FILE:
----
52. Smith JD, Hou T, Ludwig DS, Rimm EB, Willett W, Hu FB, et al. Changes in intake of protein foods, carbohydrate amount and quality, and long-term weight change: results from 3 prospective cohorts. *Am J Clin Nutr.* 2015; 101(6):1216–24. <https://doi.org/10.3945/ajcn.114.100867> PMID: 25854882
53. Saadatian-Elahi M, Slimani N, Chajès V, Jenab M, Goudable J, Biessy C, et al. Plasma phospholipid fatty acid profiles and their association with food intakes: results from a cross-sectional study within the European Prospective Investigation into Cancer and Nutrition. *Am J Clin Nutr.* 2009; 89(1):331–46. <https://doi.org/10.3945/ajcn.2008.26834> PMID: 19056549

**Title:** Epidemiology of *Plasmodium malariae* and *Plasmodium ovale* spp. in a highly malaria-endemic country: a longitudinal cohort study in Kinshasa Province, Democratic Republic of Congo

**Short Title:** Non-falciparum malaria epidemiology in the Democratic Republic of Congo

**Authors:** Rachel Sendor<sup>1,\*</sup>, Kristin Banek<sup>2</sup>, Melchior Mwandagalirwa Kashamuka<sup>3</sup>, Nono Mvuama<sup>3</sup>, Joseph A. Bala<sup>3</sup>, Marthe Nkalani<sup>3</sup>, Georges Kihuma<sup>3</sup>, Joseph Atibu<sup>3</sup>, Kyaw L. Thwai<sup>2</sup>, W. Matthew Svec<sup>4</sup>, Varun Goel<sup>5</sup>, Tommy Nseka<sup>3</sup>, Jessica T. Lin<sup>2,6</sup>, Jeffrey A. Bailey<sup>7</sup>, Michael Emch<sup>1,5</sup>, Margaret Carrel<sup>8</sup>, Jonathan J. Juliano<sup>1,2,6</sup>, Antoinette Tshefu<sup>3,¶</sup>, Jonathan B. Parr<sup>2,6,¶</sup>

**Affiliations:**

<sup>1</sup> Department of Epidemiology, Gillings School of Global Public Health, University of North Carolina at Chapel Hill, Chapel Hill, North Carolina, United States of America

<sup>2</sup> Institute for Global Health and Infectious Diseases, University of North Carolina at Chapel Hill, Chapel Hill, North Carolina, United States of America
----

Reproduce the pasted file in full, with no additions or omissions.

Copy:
52. Smith JD, Hou T, Ludwig DS, Rimm EB, Willett W, Hu FB, et al. Changes in intake of protein foods, carbohydrate amount and quality, and long-term weight change: results from 3 prospective cohorts. *Am J Clin Nutr.* 2015; 101(6):1216–24. <https://doi.org/10.3945/ajcn.114.100867> PMID: 25854882
53. Saadatian-Elahi M, Slimani N, Chajès V, Jenab M, Goudable J, Biessy C, et al. Plasma phospholipid fatty acid profiles and their association with food intakes: results from a cross-sectional study within the European Prospective Investigation into Cancer and Nutrition. *Am J Clin Nutr.* 2009; 89(1):331–46. <https://doi.org/10.3945/ajcn.2008.26834> PMID: 19056549

**Title:** Epidemiology of *Plasmodium malariae* and *Plasmodium ovale* spp. in a highly malaria-endemic country: a longitudinal cohort study in Kinshasa Province, Democratic Republic of Congo

**Short Title:** Non-falciparum malaria epidemiology in the Democratic Republic of Congo

**Authors:** Rachel Sendor<sup>1,\*</sup>, Kristin Banek<sup>2</sup>, Melchior Mwandagalirwa Kashamuka<sup>3</sup>, Nono Mvuama<sup>3</sup>, Joseph A. Bala<sup>3</sup>, Marthe Nkalani<sup>3</sup>, Georges Kihuma<sup>3</sup>, Joseph Atibu<sup>3</sup>, Kyaw L. Thwai<sup>2</sup>, W. Matthew Svec<sup>4</sup>, Varun Goel<sup>5</sup>, Tommy Nseka<sup>3</sup>, Jessica T. Lin<sup>2,6</sup>, Jeffrey A. Bailey<sup>7</sup>, Michael Emch<sup>1,5</sup>, Margaret Carrel<sup>8</sup>, Jonathan J. Juliano<sup>1,2,6</sup>, Antoinette Tshefu<sup>3,¶</sup>, Jonathan B. Parr<sup>2,6,¶</sup>

**Affiliations:**

<sup>1</sup> Department of Epidemiology, Gillings School of Global Public Health, University of North Carolina at Chapel Hill, Chapel Hill, North Carolina, United States of America

<sup>2</sup> Institute for Global Health and Infectious Diseases, University of North Carolina at Chapel Hill, Chapel Hill, North Carolina, United States of America